Studying economic theory often feels like looking at a very different world than the one in which we live every day. By using concepts likes rational choice theory or utility maximising agents, traditional economic models certainly gain in tractability and sometimes in insightfulness. Nevertheless, try explaining to a friend how he should behave to maximise his utility when choosing beers at the supermarket, or how rationality requires him to quit smoking. You will quickly understand the gap between economic theory and real world economic agents. Not that it is useless, of course, but it lacks in realism. The models assumptions and their results have digressed from the concrete actions and decisions taken by consumers and firms. Even for us, studying economics everyday, it is uncertain whether our courses help us to make better decisions.
“Does what we learn in macroeconomics, IO, or econometrics courses help us take better decisions in the “wider world”? Unfortunately, not so much.”
Now, we must ask how Behavioural Economics (BE) fits into this picture. Well, the theoretical approach of BE is quite clear: study the frequent departures from standard rationality and from this build a theory explaining agents’ actual behaviour. But how does BE relate to the wider world? How does it create practical tools for organisations or individuals to take better decisions? Or in the words of Richard Thaler, one of the founding father of BE:
“By the mid-1990s, behavioural economists had two primary goals. The first was empirical: finding and documenting anomalies, both in individual and firm behaviour and in market prices. The second was developing theory. (…) But there was a third goal lurking in the background: could we use behavioural economics to make the world a better place?”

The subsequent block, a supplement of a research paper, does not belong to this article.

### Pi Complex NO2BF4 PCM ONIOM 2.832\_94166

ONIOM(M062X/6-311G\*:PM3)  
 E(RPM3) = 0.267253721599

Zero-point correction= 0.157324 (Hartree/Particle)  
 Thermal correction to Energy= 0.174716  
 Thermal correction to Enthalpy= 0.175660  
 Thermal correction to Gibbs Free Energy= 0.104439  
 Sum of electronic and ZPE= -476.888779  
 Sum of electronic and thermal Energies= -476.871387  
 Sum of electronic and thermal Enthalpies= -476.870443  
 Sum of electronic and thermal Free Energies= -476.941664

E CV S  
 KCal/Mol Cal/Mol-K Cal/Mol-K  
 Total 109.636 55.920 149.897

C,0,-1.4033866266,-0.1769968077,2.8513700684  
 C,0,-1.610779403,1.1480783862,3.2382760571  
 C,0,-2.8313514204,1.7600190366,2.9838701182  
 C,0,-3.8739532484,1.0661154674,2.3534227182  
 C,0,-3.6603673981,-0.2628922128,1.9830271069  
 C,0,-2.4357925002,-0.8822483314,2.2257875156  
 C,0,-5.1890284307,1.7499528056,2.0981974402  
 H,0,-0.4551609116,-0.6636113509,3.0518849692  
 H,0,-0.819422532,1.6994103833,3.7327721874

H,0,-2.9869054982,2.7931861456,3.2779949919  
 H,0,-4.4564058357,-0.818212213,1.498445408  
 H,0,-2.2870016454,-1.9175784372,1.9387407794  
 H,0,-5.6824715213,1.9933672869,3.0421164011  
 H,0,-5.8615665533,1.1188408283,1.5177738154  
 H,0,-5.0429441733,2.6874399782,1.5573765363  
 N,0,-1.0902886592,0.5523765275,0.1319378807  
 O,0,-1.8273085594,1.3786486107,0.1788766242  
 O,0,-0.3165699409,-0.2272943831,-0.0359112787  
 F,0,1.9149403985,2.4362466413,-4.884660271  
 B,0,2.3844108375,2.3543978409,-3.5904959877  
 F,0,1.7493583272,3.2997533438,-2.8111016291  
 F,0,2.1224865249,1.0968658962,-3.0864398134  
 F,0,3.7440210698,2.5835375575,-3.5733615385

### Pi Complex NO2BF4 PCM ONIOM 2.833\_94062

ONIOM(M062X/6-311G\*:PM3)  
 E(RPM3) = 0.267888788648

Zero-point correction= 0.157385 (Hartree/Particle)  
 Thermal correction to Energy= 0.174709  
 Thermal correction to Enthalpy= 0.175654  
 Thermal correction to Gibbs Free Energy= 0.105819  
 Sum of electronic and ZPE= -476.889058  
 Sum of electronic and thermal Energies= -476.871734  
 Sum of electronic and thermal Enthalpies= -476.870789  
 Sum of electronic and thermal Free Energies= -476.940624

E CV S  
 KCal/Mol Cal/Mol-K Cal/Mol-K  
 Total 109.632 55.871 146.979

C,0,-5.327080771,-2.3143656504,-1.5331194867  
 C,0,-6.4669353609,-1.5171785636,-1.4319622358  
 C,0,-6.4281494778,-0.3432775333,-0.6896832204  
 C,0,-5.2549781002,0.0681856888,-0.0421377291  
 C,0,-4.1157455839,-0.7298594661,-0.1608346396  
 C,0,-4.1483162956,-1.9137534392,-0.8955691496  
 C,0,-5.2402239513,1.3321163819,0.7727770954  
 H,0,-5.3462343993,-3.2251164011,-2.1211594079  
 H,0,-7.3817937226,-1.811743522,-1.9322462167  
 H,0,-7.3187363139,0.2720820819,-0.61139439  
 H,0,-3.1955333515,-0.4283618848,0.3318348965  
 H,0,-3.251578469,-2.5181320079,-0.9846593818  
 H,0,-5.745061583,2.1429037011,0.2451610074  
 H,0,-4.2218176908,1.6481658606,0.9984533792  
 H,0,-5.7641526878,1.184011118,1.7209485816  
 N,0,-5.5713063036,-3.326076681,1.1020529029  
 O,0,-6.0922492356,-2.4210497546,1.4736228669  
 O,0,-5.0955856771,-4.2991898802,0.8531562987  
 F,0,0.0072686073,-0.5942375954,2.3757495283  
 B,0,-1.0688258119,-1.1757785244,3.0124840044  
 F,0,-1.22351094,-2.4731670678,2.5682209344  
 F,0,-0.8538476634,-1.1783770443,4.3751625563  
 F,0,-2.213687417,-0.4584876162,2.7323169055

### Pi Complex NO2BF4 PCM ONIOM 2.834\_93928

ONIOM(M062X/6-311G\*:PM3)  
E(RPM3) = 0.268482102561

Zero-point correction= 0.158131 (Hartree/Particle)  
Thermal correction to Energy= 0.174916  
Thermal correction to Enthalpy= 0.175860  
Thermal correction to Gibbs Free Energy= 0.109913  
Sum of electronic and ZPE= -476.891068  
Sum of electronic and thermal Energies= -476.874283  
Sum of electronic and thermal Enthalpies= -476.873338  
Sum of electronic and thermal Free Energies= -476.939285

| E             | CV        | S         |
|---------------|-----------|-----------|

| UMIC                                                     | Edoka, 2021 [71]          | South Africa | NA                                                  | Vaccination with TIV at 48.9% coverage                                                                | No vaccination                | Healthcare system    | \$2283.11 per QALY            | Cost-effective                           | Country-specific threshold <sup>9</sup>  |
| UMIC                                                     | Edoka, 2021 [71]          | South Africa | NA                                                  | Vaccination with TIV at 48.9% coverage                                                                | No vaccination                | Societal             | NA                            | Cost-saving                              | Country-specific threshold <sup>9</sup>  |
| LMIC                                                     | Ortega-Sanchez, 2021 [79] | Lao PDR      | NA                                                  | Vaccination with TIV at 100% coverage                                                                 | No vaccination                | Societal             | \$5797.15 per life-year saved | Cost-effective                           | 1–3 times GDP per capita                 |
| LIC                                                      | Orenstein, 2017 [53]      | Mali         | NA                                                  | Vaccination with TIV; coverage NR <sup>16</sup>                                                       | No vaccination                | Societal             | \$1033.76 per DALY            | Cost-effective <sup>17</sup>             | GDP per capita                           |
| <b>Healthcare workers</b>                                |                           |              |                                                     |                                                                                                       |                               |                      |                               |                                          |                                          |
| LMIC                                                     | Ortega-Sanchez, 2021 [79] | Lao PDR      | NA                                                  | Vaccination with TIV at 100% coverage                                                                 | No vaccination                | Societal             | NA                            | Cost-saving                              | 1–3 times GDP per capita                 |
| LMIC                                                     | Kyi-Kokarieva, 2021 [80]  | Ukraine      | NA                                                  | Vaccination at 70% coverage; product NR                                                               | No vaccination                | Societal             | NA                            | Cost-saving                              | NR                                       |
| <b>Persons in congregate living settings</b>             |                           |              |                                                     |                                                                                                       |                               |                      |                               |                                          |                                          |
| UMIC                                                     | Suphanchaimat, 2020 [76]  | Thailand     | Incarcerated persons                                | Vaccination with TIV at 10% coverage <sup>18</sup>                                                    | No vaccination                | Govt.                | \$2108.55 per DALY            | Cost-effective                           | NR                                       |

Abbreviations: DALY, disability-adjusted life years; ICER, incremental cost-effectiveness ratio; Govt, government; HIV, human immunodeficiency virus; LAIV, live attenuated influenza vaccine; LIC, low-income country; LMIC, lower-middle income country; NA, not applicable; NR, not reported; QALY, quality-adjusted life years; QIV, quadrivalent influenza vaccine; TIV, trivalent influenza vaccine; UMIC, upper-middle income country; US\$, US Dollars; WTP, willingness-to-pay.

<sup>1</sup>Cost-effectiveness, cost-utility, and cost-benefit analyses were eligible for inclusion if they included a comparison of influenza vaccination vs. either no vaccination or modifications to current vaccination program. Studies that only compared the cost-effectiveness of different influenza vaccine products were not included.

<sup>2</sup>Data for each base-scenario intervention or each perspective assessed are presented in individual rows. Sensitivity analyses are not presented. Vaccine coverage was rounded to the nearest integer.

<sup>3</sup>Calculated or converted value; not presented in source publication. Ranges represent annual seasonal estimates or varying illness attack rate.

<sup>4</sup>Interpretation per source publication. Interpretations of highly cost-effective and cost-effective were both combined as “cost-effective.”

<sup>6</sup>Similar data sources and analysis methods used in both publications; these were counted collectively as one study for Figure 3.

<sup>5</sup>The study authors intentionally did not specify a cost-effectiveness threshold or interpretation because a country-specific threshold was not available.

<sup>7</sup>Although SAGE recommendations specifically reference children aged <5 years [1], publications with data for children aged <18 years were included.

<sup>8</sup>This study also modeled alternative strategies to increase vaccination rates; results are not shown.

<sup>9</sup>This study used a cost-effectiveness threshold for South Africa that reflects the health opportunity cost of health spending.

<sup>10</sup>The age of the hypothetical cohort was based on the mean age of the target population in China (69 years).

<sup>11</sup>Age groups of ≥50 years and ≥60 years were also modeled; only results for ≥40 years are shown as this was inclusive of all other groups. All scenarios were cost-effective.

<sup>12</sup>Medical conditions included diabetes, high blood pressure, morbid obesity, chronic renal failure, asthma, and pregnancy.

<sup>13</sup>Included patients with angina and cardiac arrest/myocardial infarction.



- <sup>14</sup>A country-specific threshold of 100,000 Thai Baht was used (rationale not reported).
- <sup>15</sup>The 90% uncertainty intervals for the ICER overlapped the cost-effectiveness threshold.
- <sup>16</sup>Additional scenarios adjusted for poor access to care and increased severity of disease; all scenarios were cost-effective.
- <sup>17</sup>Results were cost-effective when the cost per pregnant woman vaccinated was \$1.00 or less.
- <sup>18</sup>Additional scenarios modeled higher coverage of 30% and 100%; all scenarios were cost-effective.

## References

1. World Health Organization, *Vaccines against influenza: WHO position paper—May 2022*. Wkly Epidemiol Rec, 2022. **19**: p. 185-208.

Richard Thaler, Misbehaving (p.307)
Thaler is well placed to talk about BE developments outside academia, he played a major role in the creation of practical tools to implement behavioural economics insights. Along with Cass Sunstein – professor of law at Harvard – he invented the concept of nudges in their 2008 book Nudge: Improving Decisions about Health, Wealth, and Happiness. Nudging people consists in shaping their choice architecture – the environment in which they make decisions.
“Nudges intend to guide individuals towards a desirable outcome such as saving more or throwing their rubbish in the bin.”
In the words of David Halpern, from the Behavioural Insights Team (BIT). « A nudge is essentially a means of encouraging or guiding behaviour, but without mandating or instructing, and ideally without the need for heavy financial incentives or sanctions. ». Famous examples are the BIT which, by modifying the wording of tax letters, increased in-time tax payments by five percentage points (approximately an additional £9 million for the British government). More recently, the SNCF – France national railway company – introduced nudges for different types of trains. For instance, it managed to almost completely suppress littering issues in its low-cost TGVs, thus saving on cleaning expenses and enabling a better consumer experience. Equipped with such tools to implement behavioural insights, behavioural scientists and economists could stop “lurking in the background” and start making the world a better place.
Whilst looking for internships opportunities in BE, we (the TSE Behavioural Team) discovered that BE has gained in visibility and credibility outside academia. It has grown so much that it cannot be reduced to a single economic sector or to a particular type of organisation. We prefer thinking of BE as a precious set of tools, useful in many fields – including finance, development, education, health, environmental issues and consumer behaviour.